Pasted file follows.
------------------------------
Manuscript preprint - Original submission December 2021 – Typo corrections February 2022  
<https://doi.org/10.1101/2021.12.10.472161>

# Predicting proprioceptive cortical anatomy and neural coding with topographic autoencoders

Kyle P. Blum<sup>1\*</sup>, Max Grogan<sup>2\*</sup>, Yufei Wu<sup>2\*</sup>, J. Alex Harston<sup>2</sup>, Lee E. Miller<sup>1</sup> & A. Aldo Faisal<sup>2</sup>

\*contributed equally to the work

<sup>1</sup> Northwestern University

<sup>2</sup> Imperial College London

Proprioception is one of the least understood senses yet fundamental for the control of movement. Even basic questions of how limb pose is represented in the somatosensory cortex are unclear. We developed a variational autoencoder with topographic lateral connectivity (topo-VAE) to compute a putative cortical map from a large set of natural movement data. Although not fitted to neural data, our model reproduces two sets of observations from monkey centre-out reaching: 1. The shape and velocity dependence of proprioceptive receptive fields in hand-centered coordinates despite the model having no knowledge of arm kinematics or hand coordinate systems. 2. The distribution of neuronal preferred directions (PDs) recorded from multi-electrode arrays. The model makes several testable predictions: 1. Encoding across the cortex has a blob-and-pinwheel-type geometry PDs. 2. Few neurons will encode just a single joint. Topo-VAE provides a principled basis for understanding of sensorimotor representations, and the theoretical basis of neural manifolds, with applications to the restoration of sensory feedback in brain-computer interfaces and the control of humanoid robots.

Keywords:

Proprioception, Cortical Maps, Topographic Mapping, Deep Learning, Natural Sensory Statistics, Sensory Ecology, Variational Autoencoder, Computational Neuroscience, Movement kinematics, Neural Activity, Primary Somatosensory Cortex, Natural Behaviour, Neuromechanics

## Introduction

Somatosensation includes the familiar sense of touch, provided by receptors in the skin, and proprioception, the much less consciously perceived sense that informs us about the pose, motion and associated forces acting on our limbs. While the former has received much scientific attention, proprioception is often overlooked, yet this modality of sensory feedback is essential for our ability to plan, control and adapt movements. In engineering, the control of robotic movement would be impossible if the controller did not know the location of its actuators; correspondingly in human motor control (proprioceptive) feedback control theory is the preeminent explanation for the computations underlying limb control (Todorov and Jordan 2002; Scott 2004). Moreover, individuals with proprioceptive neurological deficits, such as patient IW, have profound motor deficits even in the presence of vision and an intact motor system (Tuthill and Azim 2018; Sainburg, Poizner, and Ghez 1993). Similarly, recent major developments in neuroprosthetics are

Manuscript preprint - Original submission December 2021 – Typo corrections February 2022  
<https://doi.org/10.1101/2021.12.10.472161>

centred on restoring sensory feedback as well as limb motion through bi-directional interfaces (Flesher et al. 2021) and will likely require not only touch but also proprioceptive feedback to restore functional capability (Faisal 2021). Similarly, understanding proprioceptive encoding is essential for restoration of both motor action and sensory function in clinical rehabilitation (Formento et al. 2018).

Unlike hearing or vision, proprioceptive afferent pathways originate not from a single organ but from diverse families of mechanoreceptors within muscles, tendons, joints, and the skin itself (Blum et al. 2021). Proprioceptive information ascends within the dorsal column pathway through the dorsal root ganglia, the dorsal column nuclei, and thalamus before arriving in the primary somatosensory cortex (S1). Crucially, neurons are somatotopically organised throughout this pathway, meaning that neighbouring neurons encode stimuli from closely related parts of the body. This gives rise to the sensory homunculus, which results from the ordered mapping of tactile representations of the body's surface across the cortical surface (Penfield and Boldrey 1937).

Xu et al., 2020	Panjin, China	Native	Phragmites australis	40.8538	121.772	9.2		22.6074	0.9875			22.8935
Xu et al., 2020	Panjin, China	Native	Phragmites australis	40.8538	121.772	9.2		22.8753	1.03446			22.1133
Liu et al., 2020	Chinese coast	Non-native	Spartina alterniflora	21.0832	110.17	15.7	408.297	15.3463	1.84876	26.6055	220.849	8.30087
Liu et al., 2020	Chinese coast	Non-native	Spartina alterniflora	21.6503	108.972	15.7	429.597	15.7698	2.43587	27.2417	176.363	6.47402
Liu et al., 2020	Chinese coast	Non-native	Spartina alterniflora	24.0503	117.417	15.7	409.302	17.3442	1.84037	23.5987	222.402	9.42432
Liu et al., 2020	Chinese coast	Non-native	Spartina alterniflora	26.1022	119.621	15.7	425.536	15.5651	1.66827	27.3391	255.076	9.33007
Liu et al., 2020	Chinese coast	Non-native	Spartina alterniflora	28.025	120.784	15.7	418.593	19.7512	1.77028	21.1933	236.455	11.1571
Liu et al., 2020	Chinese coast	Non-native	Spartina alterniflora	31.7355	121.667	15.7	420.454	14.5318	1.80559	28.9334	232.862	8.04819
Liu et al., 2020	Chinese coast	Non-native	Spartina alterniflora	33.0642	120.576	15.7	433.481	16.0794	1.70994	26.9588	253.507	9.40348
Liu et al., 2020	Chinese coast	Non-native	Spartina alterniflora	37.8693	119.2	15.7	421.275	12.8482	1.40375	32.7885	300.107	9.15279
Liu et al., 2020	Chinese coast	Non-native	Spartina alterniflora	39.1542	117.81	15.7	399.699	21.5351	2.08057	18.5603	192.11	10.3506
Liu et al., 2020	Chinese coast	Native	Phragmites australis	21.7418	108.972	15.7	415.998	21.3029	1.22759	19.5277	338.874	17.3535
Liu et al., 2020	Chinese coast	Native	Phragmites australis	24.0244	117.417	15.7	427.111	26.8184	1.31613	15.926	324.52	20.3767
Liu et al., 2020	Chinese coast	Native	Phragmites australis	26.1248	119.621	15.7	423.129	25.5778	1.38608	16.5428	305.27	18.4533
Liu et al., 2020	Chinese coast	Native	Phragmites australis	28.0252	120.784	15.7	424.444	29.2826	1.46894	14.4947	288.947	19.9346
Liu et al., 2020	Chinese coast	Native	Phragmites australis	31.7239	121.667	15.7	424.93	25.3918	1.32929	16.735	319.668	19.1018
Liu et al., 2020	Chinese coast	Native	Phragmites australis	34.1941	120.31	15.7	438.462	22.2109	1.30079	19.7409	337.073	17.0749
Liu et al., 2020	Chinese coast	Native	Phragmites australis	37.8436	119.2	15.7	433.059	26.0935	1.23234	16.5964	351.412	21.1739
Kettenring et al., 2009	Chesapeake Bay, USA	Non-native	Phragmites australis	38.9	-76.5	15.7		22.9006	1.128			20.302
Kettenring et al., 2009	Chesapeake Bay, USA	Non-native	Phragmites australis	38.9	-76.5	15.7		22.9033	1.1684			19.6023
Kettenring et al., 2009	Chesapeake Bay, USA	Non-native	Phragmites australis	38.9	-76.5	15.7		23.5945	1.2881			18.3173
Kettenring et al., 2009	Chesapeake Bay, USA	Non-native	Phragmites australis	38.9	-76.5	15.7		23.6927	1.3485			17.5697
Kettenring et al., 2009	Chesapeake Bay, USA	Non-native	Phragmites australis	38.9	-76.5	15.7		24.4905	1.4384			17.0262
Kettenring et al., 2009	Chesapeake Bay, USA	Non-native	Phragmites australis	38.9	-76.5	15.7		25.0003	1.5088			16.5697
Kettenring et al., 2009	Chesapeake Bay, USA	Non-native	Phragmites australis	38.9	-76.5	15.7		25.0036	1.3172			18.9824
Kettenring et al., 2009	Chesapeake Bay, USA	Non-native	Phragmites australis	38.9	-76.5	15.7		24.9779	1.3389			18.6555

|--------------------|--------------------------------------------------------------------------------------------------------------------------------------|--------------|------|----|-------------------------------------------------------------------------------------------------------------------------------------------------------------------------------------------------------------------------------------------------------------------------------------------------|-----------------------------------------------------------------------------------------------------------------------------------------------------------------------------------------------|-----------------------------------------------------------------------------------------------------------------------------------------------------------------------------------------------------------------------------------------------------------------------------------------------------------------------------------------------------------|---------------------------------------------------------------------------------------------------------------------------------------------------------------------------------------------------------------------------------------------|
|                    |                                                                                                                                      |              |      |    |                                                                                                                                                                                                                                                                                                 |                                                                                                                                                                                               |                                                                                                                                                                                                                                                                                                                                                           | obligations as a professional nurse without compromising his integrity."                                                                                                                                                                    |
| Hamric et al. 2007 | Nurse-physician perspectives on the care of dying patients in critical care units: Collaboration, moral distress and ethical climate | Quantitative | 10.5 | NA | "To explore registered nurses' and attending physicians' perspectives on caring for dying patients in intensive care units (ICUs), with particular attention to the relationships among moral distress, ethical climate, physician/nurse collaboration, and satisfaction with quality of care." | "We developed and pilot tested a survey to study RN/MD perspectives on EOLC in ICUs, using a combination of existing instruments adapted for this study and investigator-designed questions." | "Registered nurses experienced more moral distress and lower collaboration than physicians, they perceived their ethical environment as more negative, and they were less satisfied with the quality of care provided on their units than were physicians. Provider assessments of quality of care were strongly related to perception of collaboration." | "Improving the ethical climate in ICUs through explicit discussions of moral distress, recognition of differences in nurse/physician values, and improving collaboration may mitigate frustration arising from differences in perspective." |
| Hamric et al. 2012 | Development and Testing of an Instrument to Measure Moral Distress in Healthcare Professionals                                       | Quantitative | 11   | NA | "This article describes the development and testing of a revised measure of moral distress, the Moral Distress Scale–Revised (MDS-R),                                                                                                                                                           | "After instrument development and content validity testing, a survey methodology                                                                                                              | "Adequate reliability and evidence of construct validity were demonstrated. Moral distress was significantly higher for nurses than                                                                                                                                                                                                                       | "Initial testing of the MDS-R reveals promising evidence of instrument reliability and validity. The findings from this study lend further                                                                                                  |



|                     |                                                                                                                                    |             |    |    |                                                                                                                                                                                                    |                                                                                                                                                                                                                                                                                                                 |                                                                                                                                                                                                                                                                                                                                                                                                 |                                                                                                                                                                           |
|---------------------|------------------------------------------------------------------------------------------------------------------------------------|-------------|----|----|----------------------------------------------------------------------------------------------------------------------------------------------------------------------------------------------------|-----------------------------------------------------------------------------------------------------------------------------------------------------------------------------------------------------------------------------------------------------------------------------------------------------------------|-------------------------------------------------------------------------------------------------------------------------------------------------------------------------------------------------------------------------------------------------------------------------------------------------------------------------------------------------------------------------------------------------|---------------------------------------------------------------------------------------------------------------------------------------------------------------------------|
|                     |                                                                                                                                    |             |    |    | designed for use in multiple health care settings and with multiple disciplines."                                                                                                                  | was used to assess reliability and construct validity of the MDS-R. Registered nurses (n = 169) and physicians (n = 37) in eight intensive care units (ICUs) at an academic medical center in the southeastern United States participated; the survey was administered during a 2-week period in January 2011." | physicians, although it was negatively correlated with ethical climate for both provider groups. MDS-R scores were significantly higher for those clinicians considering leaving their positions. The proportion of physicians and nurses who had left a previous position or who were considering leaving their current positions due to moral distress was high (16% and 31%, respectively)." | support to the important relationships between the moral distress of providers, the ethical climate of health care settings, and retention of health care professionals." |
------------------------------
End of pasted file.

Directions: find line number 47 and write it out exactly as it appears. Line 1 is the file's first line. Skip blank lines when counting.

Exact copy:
|                     |                                                                                                                                    |             |    |    |                                                                                                                                                                                                    |                                                                                                                                                                                                                                                                                                                 |                                                                                                                                                                                                                                                                                                                                                                                                 |                                                                                                                                                                           |